Institutional Knowledge with Peter Lydens, Part 1

Posted on April 27, 2017

As a part of the Institutional Knowledge project, we are recording the wisdom and experience of retiring and retired leaders in local government. If you know someone who could add something to this project, let me know! You can reach out to me on Twitter/ LinkedIn or send me an emailAbout Me: Jacob Johnson, #InstitutionalKnowledge Project Coordinator

Peter Lydens

City Manager, North Carolina

During the Institutional Knowledge project, I have had the wonderful opportunity to meet some incredible government leaders. One of those leaders is Peter Lydens, who has served as the city manager in several communities in North Carolina and surrounding areas. I had the pleasure of asking him a few questions about his experience as a public servant over the course of several years. 

Give us a brief overview of your career.

I had my first taste of local government management at the age of 11 and 12, the summer of 1942, delivering notices to residential abodes in Grand Rapids, MI. I was notifying occupants that the City was switching from back yard solid waste pickup to curbside pickup, because of the shortage of qualified personnel to do so, due to WWII. My father was the City Hall Beat reporter for the Grand Rapids Press. From a young age tagging along with my father during vacation breaks several times a year, I found municipal government most fascinating. Most of my summers during high school and college were spent working for the City in various summer positions.

After graduating from high school, I went to Grand Rapids Junior College and earned an associate’s degree. I then entered the Marine Corps and served for 12 months. Upon entering the U of Michigan upon my return from 12 months in North Korea and South Korea with the USMC, from which I learned a great deal about practical leadership, during the early part of the Korean War, as a junior, I came across an interdepartmental program called Urban Community. Being only the second student (and last) in 10 years to avail oneself of the program as my major, I chose courses relevant to my local government management interest from several University units, including from the MPA program, in essence having four years of MPA level education (two years undergrad and two years grad) which I found most beneficial. I completed my MPA degree in 1958.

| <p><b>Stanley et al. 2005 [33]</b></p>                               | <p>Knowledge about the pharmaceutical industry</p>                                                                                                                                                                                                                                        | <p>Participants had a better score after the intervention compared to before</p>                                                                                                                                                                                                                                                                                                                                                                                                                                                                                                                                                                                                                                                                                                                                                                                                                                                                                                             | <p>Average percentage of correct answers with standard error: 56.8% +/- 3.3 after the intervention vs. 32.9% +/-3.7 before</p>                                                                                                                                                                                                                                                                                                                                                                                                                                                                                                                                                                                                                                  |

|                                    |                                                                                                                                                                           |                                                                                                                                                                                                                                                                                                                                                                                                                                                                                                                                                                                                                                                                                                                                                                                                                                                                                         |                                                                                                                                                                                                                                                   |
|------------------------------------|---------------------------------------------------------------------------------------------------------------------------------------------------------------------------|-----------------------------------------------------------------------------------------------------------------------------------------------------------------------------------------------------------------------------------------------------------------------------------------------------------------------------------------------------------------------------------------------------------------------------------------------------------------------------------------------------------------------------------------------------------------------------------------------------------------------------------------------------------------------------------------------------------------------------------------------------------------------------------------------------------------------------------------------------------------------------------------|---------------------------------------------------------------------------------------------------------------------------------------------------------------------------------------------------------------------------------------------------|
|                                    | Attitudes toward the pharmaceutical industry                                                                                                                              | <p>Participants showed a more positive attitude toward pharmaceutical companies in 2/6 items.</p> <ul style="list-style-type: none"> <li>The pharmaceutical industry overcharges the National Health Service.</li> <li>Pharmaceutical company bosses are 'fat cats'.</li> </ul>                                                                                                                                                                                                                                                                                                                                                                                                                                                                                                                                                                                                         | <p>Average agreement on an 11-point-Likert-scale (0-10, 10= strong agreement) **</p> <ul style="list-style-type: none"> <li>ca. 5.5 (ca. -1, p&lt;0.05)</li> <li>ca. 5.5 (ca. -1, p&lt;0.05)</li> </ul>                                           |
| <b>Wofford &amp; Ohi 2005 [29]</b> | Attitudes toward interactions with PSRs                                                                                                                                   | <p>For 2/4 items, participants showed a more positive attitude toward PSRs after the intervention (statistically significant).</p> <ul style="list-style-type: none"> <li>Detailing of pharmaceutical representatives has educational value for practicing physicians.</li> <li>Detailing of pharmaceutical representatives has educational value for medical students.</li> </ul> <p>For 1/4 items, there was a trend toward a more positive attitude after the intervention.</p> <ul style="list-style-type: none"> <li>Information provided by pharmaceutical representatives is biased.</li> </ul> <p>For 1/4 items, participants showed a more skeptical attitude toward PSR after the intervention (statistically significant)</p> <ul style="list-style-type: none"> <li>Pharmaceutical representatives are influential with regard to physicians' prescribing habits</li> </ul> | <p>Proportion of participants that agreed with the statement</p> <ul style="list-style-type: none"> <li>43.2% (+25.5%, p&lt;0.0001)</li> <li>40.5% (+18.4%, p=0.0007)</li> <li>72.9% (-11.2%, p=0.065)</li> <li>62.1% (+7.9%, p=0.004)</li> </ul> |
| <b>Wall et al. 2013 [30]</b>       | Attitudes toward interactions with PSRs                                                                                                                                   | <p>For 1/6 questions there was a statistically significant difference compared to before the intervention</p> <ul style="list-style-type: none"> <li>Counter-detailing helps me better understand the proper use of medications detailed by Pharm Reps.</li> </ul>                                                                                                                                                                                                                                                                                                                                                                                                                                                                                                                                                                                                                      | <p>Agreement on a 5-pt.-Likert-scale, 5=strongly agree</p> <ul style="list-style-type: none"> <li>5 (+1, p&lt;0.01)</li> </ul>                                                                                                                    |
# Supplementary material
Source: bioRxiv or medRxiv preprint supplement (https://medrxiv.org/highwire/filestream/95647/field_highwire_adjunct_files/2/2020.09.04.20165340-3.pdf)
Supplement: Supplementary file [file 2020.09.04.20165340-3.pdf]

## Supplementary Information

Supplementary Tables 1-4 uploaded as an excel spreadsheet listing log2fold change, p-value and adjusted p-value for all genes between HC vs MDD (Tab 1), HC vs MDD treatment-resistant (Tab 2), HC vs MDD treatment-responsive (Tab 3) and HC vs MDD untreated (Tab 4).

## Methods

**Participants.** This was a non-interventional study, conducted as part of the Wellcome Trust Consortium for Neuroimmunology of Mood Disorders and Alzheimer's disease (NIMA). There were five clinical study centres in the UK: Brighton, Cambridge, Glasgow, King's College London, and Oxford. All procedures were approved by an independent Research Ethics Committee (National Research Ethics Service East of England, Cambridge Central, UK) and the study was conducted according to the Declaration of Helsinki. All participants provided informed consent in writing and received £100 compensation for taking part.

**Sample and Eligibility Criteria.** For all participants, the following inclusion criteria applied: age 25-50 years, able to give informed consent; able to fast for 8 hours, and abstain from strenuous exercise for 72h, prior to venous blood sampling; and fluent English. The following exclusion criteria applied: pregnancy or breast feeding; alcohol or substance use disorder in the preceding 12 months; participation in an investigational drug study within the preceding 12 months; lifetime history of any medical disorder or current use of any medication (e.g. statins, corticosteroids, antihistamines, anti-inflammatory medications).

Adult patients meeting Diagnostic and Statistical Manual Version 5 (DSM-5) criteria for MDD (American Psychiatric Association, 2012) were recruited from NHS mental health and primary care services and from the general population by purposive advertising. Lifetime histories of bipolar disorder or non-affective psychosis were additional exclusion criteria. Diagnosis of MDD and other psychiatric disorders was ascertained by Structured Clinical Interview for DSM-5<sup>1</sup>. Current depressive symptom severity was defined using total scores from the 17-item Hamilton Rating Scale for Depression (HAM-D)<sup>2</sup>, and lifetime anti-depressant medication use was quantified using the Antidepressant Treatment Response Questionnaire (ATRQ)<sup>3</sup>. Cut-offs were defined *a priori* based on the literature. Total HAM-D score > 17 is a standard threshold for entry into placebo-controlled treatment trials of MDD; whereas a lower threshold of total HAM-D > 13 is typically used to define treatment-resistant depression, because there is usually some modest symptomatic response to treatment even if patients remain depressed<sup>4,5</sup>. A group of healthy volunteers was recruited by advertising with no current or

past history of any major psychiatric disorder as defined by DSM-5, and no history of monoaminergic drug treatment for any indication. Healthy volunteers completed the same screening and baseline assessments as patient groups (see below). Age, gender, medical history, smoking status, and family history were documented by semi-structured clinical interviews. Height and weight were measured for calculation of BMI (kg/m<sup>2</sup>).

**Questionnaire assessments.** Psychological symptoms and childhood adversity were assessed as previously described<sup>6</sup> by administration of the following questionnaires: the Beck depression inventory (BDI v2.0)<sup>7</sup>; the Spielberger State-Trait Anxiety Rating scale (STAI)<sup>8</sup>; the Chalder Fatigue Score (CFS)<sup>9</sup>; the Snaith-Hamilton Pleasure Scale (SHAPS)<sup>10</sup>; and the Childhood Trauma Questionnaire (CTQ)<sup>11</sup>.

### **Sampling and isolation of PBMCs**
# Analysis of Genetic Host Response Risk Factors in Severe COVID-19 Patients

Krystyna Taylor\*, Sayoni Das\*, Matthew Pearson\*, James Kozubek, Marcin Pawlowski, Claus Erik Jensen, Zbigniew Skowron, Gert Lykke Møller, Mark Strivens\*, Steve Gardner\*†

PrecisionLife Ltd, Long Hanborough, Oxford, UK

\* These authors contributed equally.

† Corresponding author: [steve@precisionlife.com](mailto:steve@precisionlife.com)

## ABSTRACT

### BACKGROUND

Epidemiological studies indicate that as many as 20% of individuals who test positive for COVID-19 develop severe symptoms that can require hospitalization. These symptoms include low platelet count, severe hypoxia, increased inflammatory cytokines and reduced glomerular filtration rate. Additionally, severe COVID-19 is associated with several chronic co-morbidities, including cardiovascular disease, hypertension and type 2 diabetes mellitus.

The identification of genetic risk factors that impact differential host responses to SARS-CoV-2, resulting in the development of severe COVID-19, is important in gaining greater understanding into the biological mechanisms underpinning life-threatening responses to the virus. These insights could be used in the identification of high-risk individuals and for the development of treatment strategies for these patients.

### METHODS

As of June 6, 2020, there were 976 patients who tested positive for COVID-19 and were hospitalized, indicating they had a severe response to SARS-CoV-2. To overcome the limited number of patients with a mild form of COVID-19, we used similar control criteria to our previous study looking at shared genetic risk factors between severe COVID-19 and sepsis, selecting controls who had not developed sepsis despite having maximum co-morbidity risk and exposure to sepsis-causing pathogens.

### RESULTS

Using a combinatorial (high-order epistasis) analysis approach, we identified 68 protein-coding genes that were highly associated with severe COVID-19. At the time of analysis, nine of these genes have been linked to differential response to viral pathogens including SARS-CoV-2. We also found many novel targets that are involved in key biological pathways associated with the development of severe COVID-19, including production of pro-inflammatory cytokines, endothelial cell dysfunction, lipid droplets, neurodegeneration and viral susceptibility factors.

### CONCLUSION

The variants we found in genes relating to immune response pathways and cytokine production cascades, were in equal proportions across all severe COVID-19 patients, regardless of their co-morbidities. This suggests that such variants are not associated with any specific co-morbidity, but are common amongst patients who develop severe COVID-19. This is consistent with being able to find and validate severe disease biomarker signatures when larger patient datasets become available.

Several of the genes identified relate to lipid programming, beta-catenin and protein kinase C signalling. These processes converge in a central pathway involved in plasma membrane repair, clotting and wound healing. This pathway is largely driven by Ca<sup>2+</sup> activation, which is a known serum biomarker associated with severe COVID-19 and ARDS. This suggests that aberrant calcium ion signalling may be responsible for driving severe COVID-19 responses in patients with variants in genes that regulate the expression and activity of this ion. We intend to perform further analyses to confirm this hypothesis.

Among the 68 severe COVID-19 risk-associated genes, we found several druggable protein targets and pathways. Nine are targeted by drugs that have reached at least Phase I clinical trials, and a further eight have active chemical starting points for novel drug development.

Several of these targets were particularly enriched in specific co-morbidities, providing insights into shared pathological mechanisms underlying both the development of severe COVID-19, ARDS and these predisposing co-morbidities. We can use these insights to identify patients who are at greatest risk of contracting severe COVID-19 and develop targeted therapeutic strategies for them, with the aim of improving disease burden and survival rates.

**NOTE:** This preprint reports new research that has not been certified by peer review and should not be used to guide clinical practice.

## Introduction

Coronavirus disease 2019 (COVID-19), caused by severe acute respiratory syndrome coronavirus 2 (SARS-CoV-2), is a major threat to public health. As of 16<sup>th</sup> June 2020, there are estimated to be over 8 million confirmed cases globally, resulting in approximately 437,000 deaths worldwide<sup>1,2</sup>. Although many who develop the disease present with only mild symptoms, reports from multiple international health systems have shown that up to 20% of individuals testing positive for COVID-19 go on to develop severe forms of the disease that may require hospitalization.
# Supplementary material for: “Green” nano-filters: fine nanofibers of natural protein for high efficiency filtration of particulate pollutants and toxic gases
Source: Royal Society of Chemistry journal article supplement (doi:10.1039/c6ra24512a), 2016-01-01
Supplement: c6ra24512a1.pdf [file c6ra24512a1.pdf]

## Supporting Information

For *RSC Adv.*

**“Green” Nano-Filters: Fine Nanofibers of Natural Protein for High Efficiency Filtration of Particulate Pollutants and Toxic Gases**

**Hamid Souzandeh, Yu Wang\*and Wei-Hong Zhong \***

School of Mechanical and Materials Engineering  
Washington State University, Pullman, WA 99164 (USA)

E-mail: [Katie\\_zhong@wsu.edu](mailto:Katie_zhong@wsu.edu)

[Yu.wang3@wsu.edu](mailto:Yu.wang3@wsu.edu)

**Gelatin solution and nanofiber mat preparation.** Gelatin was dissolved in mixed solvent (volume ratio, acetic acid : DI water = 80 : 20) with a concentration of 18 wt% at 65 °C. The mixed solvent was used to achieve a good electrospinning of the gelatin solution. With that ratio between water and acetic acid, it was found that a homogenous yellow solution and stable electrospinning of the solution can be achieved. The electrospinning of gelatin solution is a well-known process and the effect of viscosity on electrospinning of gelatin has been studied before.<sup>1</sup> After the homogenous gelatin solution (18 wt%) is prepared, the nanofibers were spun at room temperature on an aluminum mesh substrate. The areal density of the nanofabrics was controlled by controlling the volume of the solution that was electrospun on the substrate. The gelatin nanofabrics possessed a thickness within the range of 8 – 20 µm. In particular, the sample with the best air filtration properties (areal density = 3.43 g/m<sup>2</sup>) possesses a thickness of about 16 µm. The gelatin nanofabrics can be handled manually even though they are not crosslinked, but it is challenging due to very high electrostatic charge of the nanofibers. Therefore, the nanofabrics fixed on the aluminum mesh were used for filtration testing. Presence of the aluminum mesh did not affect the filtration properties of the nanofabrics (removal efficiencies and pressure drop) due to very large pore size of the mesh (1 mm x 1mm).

My first professional position was as the Junior Assistant to the City Manager (titled Administrative Assistant) in Winston-Salem, NC in 1956. The City Manager, John M. Gold, was a natural leader, much appreciated by the city workforce. In 1961, Mount Airy, NC was hiring their first city manager. John Gold believed that Mount Airy would be a great first city for me. I applied and was appointed as the first city manager. I had a wonderful time and fell in love with the community. (10 years ago, when my wife retired, we moved back to Mount Airy—it’s still our favorite community).